Garden Trends: School Community Orchards

 

Screen Shot 2019-05-28 at 2.50.15 PM.png In recent years, more and more schools are planting orchards and creating outdoor classrooms. Pictured above is music teacher Albie Pickens who started a community orchard at his elementary school in Saratoga Springs, NY. Photo: Natalie Walsh

By Natalie Walsh

Albie Pickens, a fifth grade teacher music teacher at Geyser Road School in Saratoga Springs, N.Y., planted an apple and pear orchard with grant and community funding and created an outdoor classroom available to the entire elementary school.

His goal was to connect students with the natural world, a connection that was fostered in him as a child growing up in his father’s garden and that has stayed with him as an adult.

It’s important for students to understand where their food comes from, how much effort goes into a good crop, and the myriad things that can go wrong, he said.

From the beginning three years ago, his local and school community embraced the idea and funded the trees, picnic tables, mulch, deer fencing and other supplies that made it possible.

And if they didn’t give money, they gave of themselves. “We saved $8,000 by having volunteer labor,” Pickens said, adding that at least 200 people volunteered.

As a classroom, the orchard is one educational opportunity after another, Pickens said noting that he is a self-taught orchardist.

Students learn about insect pests, organic controls, grafting, pruning, harvesting and that growing food may not be simple but it is gratifying.

“It doesn’t have to be perfect to be a learning opportunity,” he said, adding that sometimes more is learned when things don’t go right.  You can solve one problem only to have another show up.

It’s real life, he continued.  Students learn what is takes to grow fruit, the damage insects can cause, the joy of eating a apple off the tree and connect with their world in the process.

And the orchard has been fruitful. At the Orchard Fest held in the fall, cider pressed from their apples is served.

To maintain the orchard of 20 trees, Pickens has organized an Orchard Team of teachers who are able to use the orchard in their curriculum and a Grow Club before school program for students.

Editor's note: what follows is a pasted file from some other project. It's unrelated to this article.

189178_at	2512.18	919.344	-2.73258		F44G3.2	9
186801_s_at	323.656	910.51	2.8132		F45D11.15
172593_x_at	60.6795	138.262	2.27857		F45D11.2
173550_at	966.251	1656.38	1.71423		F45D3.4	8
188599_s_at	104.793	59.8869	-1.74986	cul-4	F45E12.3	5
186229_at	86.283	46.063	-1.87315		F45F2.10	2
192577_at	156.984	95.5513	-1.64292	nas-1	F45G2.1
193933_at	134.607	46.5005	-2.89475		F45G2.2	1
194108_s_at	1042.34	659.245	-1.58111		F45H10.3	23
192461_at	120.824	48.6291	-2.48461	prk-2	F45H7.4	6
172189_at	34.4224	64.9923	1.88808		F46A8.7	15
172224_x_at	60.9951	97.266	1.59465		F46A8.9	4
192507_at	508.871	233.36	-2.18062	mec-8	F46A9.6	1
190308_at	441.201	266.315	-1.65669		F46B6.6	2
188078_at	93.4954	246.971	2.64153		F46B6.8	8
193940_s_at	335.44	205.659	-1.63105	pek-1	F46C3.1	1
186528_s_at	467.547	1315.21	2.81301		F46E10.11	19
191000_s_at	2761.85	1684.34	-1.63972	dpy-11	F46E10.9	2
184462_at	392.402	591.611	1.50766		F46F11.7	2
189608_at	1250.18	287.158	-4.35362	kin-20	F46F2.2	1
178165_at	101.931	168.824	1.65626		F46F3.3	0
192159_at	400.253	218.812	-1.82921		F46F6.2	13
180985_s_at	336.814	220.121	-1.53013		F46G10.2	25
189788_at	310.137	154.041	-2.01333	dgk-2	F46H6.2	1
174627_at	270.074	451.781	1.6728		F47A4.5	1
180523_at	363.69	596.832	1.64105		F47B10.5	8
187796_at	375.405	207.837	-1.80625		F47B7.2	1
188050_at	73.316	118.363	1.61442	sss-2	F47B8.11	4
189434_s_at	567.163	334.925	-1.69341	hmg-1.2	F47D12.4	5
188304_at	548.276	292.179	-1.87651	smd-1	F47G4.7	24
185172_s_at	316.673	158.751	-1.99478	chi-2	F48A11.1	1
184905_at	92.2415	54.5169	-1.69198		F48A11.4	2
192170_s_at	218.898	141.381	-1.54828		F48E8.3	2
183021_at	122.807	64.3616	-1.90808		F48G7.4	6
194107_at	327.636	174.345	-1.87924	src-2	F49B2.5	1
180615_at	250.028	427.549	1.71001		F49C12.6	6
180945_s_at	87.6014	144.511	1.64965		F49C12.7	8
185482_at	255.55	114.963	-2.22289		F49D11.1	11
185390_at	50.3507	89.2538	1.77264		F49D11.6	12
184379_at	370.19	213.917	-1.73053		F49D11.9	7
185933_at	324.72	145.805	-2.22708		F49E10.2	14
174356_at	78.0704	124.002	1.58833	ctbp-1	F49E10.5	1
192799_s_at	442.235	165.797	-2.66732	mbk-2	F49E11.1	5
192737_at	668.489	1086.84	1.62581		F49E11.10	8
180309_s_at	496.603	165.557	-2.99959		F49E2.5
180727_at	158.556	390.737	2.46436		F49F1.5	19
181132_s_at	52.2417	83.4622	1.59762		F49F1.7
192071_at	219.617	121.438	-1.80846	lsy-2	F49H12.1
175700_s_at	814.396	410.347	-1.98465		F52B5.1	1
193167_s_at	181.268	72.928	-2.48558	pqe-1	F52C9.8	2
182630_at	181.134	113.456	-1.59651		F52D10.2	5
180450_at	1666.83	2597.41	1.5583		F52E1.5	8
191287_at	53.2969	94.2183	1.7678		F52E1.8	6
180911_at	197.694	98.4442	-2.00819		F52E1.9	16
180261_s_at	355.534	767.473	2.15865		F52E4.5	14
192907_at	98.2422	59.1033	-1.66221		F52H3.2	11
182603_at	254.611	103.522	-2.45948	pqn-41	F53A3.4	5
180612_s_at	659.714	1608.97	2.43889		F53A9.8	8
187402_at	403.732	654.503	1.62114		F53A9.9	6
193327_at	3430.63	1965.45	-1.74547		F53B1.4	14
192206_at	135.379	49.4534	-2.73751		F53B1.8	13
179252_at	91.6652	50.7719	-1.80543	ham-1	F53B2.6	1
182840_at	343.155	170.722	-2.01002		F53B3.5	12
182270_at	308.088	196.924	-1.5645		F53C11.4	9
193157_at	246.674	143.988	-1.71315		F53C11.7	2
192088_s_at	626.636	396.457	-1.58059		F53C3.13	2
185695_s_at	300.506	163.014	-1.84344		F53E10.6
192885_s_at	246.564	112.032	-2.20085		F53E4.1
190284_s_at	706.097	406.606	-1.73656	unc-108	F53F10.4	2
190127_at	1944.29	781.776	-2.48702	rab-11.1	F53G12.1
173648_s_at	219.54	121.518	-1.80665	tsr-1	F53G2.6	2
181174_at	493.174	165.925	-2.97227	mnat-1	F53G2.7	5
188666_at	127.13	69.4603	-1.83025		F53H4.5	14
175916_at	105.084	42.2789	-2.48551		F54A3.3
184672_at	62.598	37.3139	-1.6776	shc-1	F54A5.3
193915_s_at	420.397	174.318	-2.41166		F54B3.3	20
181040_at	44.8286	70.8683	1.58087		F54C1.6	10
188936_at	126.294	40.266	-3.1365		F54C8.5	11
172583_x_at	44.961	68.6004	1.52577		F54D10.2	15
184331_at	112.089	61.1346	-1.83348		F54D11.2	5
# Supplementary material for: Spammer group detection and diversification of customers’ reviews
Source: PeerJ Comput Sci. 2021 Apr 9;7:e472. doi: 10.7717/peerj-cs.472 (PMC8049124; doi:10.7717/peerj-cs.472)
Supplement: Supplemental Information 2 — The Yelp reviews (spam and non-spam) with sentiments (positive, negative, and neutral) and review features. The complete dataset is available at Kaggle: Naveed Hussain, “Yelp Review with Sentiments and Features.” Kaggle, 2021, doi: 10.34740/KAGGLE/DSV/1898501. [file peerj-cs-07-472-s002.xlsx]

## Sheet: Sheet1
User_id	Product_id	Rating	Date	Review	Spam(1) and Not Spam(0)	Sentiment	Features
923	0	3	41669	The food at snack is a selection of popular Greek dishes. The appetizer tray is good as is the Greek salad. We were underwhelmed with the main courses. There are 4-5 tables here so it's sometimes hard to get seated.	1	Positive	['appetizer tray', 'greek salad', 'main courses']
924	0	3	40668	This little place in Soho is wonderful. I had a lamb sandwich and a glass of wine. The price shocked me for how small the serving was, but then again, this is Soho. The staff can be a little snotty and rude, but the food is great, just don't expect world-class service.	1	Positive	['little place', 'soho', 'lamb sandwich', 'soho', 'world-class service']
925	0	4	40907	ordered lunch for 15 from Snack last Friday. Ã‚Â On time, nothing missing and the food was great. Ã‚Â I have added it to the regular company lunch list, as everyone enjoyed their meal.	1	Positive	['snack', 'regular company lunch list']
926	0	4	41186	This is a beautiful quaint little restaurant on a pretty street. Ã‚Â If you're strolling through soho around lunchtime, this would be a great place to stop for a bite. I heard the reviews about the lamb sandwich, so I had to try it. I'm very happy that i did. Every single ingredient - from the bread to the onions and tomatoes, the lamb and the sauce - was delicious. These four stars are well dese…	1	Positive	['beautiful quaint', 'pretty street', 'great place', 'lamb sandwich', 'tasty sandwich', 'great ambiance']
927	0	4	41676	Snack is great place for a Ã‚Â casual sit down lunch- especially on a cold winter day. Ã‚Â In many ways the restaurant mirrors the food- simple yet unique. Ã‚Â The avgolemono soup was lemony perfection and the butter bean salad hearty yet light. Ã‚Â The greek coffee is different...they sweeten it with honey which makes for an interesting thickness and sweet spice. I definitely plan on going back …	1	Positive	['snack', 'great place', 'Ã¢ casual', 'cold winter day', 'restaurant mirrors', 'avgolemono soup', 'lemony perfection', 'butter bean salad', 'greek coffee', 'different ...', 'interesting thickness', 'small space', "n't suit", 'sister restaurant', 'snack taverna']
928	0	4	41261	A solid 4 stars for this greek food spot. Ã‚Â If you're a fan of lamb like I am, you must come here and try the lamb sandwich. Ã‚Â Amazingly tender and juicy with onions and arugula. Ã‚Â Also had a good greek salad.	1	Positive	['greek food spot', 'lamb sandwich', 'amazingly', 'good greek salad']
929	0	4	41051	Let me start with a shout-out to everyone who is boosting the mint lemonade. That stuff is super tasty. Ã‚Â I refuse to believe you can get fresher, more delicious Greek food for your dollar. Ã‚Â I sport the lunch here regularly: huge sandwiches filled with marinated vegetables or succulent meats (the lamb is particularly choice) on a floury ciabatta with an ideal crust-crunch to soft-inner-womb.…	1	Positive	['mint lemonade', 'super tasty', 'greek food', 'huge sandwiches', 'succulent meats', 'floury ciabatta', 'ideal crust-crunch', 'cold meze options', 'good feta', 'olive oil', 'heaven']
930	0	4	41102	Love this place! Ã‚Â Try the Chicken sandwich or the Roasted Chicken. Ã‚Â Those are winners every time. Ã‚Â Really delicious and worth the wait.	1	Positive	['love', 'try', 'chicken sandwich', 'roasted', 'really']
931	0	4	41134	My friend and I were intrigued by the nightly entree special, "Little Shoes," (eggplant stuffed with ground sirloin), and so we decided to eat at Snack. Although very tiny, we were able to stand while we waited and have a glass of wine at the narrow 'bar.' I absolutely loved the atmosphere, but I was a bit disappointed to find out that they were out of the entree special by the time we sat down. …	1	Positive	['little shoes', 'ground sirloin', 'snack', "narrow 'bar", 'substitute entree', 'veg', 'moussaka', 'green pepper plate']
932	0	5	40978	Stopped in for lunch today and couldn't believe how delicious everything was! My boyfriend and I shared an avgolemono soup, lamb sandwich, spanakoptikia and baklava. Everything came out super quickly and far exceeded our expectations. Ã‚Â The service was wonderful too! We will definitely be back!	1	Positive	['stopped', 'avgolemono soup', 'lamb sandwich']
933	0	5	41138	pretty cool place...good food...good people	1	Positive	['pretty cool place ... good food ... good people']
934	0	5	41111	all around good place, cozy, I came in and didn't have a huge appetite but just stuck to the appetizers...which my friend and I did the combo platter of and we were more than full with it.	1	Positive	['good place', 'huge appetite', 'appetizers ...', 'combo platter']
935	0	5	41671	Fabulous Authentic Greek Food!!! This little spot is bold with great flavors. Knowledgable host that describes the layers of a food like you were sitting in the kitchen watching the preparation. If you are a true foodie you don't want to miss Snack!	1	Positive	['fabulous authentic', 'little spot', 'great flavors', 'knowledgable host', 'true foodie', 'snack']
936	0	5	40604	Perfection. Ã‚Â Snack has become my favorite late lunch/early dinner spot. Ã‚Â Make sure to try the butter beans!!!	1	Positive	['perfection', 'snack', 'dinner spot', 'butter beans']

He does most of the maintenance himself. “You can’t give a third grader a sharp clippers.”

Instead, he teaches why fruit trees need pruning, and hands out an illustration of an unpruned fruit tree. Students mark which branches they believe should be eliminated. Adults do the pruning.

In the future, he hopes to bring an arborist to the school who can hold a workshop so more people can learn about pruning fruit trees and help in the orchard.

His students have learned about different fruit varieties, grafting and root stocks and Pickens has some fresh grafted pear trees in a nursery for future planting.

“We have plenty of space,” he said, adding “The community orchard will only get better with time.”

Natalie Walsh, a board member of the American Community Gardening Association, is a master gardener and horticulturist who travels across North America writing articles about community gardening and orchards.  You can reach her at natalie.walsh@communitygarden.org

 

New Lake Worth School Garden Prepares for the Season

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My husband teases that if there’s a community garden anywhere in the country, I’ll find it.

I can’t deny that it certainly seems that way but I think Community Gardens find me!

Yesterday morning, we brought our bikes to the Lake Worth, Florida and rode in a beachside historic district known for its very sweet and petite cottages. The entire neighborhood is one charming little house after another, some with pretty gardens, picket fences or sculptural banyan trees.

While we were exploring, I spotted a community garden buzzing with activity.  It’s planting time in zone 10 and the gardeners and helpers were busy in this revitalized garden located across the street from a school.

Lori Vincent, Managing Director of Aurora’s Voice, which provides opportunities for underserved youth, is lending support to the project which they hope will provide job training, business experience and give students hands-on gardening time to grow nourishing food.